Of course, but you don't want the system admins "watching" systems, ideally you don't even want local logins, you want application teams and end users performing checkouts of the final application. You want monitoring systems watching the system itself. Not people staying at consoles.



  • @aaron said in Scheduling Simple Local Linux Reboots:

    If an organization decides to reboot systems at a regular maintenance window, I'd still want it to be executed by a person and not a cron job.

    That's both extremely expensive, and complicated. For example, I had 600 servers to myself at one job, 3,000 at another. I couldn't watch those reboots even if I did it every minute of every day. And there is no way that I could see anything useful. What do you expect people to watch for during a reboot? Unless they are scouring logs, which they would not be doing by watching the server anyway, what would they see?


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  • @aaron said in Scheduling Simple Local Linux Reboots:

    @scottalanmiller I think we're talking about totally different team sizes hahah

    Whether you are a team of one or one hundred, the factors remain the same. I had a team of 80, but there were tens of thousands of servers. So the per-admin time needed to watch consoles was still very prohibitive.


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  • At least with VMs, the amount to watch and the time to watch is far, far less. Once upon a time I had to do this with physicals and the fifteen minute memory POST check was seriously painful.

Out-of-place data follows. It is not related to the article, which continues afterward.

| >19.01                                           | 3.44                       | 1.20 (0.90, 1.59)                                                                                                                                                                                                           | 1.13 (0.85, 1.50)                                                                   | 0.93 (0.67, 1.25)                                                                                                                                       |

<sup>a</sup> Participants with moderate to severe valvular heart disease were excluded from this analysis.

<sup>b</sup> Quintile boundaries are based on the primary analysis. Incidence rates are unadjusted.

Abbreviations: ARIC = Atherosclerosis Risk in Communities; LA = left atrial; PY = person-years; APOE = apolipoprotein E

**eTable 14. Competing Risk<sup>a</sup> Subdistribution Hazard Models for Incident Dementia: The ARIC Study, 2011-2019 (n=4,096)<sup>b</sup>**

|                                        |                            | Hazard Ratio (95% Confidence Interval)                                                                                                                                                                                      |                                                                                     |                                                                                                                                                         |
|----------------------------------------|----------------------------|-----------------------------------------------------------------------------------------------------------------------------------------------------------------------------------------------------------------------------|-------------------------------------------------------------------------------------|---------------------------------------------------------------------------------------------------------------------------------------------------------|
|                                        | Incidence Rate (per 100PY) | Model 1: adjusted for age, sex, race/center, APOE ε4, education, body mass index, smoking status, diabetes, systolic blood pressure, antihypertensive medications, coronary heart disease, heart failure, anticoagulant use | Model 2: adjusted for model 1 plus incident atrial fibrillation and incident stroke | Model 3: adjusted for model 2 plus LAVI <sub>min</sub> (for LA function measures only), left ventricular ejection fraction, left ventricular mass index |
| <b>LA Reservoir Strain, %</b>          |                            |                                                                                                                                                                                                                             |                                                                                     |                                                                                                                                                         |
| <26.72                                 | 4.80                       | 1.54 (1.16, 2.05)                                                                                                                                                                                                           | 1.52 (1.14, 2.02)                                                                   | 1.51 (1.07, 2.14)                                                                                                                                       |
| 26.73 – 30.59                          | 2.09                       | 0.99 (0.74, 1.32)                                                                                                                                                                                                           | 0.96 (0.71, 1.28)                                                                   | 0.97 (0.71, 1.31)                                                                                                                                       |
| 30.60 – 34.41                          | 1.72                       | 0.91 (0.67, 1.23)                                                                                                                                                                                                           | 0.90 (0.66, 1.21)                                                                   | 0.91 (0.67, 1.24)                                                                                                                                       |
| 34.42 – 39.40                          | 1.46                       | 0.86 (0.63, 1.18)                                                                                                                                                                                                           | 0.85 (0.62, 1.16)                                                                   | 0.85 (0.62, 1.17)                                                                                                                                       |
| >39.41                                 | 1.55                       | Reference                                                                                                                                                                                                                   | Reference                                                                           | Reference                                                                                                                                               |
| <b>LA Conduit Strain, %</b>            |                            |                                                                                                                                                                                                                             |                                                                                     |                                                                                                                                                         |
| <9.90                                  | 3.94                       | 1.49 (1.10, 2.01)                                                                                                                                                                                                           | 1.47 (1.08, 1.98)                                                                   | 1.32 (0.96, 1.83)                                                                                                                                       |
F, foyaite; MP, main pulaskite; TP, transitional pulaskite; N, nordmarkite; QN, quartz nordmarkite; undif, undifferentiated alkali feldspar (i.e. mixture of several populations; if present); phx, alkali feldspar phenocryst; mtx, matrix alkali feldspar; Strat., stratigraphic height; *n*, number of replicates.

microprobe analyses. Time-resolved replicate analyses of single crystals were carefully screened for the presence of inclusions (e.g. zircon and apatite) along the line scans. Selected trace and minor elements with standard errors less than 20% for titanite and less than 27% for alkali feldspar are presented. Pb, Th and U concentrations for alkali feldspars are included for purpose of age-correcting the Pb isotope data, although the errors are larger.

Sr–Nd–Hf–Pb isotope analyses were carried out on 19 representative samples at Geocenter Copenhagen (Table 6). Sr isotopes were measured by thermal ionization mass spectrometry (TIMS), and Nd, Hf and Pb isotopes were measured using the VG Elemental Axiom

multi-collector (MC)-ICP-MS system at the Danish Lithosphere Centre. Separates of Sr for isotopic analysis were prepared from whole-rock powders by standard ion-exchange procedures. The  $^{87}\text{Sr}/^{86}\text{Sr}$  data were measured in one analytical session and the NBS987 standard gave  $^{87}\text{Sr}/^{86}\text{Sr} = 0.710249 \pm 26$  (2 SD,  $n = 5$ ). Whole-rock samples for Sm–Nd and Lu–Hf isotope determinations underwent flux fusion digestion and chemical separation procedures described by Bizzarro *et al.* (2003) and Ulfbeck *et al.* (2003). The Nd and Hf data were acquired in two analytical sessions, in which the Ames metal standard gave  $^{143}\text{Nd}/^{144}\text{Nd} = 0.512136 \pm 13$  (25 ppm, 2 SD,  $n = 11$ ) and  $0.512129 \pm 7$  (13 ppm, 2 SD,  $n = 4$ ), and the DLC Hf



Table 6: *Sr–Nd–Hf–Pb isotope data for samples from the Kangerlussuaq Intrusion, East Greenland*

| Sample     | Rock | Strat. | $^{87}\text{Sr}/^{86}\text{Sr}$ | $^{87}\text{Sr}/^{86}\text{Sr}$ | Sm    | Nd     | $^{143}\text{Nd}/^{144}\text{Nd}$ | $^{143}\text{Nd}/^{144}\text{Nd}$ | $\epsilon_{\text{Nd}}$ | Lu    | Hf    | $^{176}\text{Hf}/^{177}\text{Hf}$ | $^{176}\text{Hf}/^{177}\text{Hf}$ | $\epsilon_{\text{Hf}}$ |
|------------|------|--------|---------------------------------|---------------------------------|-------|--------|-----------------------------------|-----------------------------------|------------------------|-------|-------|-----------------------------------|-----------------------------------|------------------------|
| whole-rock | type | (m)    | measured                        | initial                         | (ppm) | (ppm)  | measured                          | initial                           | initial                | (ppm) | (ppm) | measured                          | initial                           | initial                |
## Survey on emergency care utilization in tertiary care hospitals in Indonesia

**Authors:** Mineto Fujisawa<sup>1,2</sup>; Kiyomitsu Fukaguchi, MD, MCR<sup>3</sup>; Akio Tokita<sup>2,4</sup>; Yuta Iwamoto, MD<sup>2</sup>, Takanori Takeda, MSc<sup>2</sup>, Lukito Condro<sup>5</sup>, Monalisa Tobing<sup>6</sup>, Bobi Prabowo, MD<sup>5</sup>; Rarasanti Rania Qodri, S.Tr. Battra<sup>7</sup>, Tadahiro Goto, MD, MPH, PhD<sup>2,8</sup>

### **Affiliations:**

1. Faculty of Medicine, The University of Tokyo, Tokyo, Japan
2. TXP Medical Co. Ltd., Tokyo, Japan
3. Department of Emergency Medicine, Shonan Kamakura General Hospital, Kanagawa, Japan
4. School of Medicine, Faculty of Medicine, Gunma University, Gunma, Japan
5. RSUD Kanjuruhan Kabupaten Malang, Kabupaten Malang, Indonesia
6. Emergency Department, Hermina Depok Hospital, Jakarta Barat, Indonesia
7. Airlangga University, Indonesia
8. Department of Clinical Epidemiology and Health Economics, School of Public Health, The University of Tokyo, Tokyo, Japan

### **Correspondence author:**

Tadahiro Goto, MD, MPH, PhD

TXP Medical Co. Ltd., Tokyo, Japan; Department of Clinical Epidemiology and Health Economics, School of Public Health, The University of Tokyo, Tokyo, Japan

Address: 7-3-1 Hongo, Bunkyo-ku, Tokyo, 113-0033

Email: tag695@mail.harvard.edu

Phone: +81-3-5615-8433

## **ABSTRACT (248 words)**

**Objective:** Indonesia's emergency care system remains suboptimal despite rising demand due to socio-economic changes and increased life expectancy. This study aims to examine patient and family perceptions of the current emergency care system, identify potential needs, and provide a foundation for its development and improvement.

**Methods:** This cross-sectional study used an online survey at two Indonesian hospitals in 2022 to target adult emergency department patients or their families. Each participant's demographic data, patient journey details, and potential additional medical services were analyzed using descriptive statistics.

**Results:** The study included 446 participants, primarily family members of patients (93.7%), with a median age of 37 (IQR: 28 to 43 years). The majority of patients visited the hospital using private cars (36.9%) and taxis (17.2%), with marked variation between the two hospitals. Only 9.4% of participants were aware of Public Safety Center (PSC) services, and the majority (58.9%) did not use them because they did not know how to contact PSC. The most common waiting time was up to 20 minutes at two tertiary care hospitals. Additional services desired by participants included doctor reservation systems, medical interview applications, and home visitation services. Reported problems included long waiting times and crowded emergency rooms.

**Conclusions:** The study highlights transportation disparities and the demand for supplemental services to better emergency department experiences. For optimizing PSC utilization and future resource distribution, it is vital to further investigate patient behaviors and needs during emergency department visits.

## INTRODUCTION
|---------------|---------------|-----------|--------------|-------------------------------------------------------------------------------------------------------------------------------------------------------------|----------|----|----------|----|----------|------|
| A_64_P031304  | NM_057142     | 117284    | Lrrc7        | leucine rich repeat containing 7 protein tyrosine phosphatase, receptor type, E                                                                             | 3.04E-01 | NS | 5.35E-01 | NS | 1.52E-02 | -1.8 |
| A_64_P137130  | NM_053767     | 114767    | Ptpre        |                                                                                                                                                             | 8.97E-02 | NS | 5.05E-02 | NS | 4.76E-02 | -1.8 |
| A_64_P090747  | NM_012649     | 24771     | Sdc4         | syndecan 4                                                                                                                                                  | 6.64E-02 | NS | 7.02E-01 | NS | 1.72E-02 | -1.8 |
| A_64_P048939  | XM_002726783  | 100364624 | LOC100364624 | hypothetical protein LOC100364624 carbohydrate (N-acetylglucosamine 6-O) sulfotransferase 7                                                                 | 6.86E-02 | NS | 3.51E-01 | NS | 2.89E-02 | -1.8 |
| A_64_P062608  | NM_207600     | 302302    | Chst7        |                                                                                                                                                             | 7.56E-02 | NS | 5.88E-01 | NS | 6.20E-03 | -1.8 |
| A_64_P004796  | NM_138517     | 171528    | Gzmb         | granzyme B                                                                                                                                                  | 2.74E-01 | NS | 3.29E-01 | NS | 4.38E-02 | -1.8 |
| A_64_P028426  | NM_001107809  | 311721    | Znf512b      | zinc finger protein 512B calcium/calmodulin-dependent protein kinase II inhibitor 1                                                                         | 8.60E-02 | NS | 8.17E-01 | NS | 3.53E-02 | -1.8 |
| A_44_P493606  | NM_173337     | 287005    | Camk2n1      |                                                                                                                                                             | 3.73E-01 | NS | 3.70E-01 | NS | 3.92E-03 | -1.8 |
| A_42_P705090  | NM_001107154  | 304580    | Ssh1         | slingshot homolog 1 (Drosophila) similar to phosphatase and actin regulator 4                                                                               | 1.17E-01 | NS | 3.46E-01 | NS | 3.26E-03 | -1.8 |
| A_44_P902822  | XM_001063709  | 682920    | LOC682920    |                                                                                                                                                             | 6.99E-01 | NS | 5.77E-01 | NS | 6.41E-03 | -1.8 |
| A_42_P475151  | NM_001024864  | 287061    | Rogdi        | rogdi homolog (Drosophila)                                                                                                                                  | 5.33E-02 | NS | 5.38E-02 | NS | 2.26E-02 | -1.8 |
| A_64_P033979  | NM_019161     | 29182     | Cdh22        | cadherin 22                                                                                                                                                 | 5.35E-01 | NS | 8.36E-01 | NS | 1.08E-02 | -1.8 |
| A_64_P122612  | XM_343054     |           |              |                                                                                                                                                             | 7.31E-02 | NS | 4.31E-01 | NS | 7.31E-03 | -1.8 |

• @aaron said in Scheduling Simple Local Linux Reboots:

    @scottalanmiller said in Scheduling Simple Local Linux Reboots:

    what would they see

    A config file borking a service, a hardware problem that manifested, etc.

    You would not see that just watching a reboot, that's my point. A config problem would need to be caught either from logs or from the application checkout. It would be caught without an admin watching the reboot.

    Hardware would not be found in a VM, and a hypervisor failing to reboot would get caught by monitoring really quickly. So I don't see the benefit there unless you have a rush window of say under ten minutes, in which case you do indeed have all of your resources standing by including the remote hands in the datacenter, not just the Linux and hypervisor admins. But that wouldn't be Linux (unless you are on KVM.)



  • @aaron said in Scheduling Simple Local Linux Reboots:

    @scottalanmiller said in Scheduling Simple Local Linux Reboots:

    what would they see

    A config file borking a service, a hardware problem that manifested, etc.

    Again, this is why you would use a monitoring and alerting service. Friday afternoon at 5:00PM : 300 systems reboot... By 6:00PM those systems should be back up... If System-247 fails... then start alerting folks.

    Edit: If Reboots are done regularly, there's much less risk of something breaking, IMO.



  • @dafyre said in Scheduling Simple Local Linux Reboots:

    @aaron said in Scheduling Simple Local Linux Reboots:

    @scottalanmiller said in Scheduling Simple Local Linux Reboots:

    what would they see

    A config file borking a service, a hardware problem that manifested, etc.

    Again, this is why you would use a monitoring and alerting service. Friday afternoon at 5:00PM : 300 systems reboot... By 6:00PM those systems should be back up... If System-247 fails... then start alerting folks.